TV remains at forefront of cable business, say CEE operators

TV remains at the forefront of what cable operators in central and eastern Europe are offering and is even becoming more important within the bundle of products that they offer, but bundling strategies are likely to evolve, according to a panel of cable marketing executives at the Digital TV CEE conference in Budapest yesterday.

TV is not becoming less important but connnectivity is becoming more important in bundling as a whole, said Robert Redeleanu, chief marketing officer, UPC Romania. In Romania there is evidence that there is no real potential for an internet-only service after UPC tested the market, he said.

UPC for the last six months had tried to understand what consumers would look for in the future and is looking at how entertainment and connectivity can best be bundled, said Redeleanu. “Time spent in front of the TV is actually increasing, with catch-up and so on. On-demand is only 2% of time spent in front of the TV,” he said. Redeleanu said that in CEE, piracy presents a significant hurdle to making money from VoD services.

Redeleanu said that there is a need for more a la carte channel options but it doesn’t make economic sense in every case. He said UPC is looking into segmenting the number of channels in each price point and establishing a base line up for linear TV and bundling this with SVoD and catch-up services.

Redeleanu said the relations between operators and broadcasters could see signficant changes as a result of the evolution of the market. In Romania, he said, key broadcasters had sought to terminate their must-carry status, meaning that cable rates could increase across the board. “It might put us in a different position in negotiations and in deciding what we take,” he said.

“The importance of TV in the overall bundle is actually increasing,” said Indrek Ild, sales and marketing director at Starman in Estonia, also speaking on the panel. “We look at the overall experience and people want to be entertained. Content and content discovery are becoming more important.”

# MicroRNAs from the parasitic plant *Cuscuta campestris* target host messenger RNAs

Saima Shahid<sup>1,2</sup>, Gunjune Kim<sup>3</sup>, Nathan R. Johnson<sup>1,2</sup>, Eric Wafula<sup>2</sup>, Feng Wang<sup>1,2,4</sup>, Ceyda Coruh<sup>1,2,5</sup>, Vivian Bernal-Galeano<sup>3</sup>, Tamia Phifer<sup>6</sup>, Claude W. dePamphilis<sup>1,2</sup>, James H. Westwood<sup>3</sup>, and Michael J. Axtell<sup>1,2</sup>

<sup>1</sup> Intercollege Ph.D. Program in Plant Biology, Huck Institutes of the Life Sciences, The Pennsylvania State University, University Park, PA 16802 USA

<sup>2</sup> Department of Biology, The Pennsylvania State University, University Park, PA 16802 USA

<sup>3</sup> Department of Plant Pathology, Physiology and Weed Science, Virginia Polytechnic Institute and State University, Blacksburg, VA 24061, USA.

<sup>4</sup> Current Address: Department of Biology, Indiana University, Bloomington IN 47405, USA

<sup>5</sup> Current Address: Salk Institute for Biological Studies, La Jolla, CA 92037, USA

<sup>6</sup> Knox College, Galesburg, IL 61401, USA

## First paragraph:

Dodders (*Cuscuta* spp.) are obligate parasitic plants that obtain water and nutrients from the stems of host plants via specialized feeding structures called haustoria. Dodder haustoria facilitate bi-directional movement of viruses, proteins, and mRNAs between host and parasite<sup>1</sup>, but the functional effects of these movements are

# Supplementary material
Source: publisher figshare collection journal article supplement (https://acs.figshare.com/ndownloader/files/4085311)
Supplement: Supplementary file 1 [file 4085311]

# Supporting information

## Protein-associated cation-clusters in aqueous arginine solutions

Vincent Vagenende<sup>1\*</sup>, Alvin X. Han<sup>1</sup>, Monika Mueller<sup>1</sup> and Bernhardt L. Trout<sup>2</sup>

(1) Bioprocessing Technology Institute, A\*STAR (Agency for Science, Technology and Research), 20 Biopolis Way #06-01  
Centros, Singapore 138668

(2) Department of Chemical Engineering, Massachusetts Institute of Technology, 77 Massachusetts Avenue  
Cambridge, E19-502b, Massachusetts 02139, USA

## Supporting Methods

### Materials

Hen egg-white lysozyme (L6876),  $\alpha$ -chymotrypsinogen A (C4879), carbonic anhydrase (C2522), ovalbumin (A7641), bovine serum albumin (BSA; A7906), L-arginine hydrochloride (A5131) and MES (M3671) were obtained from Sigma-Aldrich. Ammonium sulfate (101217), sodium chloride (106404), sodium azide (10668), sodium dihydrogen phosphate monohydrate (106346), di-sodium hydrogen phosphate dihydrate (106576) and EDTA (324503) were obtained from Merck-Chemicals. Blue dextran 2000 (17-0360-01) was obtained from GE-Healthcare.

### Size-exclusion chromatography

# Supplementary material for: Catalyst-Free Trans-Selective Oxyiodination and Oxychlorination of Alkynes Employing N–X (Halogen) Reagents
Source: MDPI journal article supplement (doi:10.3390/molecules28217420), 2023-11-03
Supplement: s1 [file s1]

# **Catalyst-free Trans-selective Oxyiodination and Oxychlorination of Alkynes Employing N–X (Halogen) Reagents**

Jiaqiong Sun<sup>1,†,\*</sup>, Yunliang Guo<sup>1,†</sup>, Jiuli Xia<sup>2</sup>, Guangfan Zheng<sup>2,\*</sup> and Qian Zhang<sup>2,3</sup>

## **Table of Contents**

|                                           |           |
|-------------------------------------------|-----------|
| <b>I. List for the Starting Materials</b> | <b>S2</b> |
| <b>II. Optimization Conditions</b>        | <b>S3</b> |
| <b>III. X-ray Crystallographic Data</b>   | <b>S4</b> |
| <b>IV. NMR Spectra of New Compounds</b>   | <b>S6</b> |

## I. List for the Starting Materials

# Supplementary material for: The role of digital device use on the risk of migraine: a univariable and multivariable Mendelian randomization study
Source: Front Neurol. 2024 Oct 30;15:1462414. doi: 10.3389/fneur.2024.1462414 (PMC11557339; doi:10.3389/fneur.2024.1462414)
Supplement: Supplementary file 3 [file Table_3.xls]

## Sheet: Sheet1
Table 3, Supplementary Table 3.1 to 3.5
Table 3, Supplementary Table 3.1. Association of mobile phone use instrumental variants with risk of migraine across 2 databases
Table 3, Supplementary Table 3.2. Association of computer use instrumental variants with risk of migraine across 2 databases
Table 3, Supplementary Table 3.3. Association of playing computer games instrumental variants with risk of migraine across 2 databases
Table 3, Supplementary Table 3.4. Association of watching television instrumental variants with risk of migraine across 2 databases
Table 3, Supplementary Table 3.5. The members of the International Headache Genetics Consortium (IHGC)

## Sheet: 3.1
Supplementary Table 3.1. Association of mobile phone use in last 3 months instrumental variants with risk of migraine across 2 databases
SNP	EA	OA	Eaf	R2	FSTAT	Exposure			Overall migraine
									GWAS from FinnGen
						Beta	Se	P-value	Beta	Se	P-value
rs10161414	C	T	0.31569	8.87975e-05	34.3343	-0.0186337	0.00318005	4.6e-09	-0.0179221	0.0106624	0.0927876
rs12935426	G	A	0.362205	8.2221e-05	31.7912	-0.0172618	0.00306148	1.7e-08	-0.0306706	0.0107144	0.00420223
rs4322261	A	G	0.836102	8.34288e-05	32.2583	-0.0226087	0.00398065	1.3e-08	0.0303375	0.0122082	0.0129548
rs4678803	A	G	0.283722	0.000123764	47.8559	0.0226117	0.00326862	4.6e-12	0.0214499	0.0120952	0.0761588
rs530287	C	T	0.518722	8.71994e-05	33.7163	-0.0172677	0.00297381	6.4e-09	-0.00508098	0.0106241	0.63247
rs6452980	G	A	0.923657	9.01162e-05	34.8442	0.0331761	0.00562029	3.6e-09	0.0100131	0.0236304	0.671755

OTT video providers could become content partners, he said. “For us the challenge is to combine different ways of consuming the content. Netflix or VoD is new and they have been good at promoting what they have to. If you are able to build and develop…an experience that you can bring.”

Ild said that people are using social media to get the best out of the content available. Operators have to become part of the recommendation ecosystem, he said.

Ild said that Starman was not making ony money from VoD services, partly because it had not discovered how best to promote and enable discovery of on-demand content to customers. “You have to bring this to the customer,” he said.

Ild said that Starman was also looking at ‘smart bundling’ and that there is more and more demand for flexiblity. He said there were some cusotmers taking internet services without TV and that it was necessary to work on better bundles to bring those customers back to TV. Smarter bundling could mean extending the in-home experience to mobile access and so on, said Ild.

In terms of the evolution of operators’ relationship with broadcasters, Ild said he expected channel provider increasingly to fall into one of two categories – those who supplied low-cost advertising-supported services that are part of a basic service and those that increasingly looked to deliver a premium bundle of channel and associated multiscreen and catch-up services, perhaps without advertising.

Vygantas Tutlys, head of marketing department at Lithuanian cable operator Cgates said that broadband was fast becoming a commodity and TV will be the differentiator. While users choose provider oftenon the basis of broadband speed, high-speed imtermet will soon be a standard product.

Tutlys agreed that partnering with OTT providers offered a good way forward and handed the task of marketing and renewing specific content to a partner.

Piracy meant it is currently difficult to demand payment for on-demanmd services marketed by operators, said Tutlys. VoD mainly served as a churn reducer, he said.

Tutlys said that people who had not taken TV services could be interested in specific mini-bundles. However, unbundling services could result in lower ARPU. “To sell a la carte in Lithuania you have to offer at least a six month subscription for it to pay off,” he said.

Ultimately, said Tutlys, channel providers would have to evolve their pricing and bundling strategies in line with market developments. “We are often seeing the basic pricing strategy lagging behind and they need to be more responsive,” he said.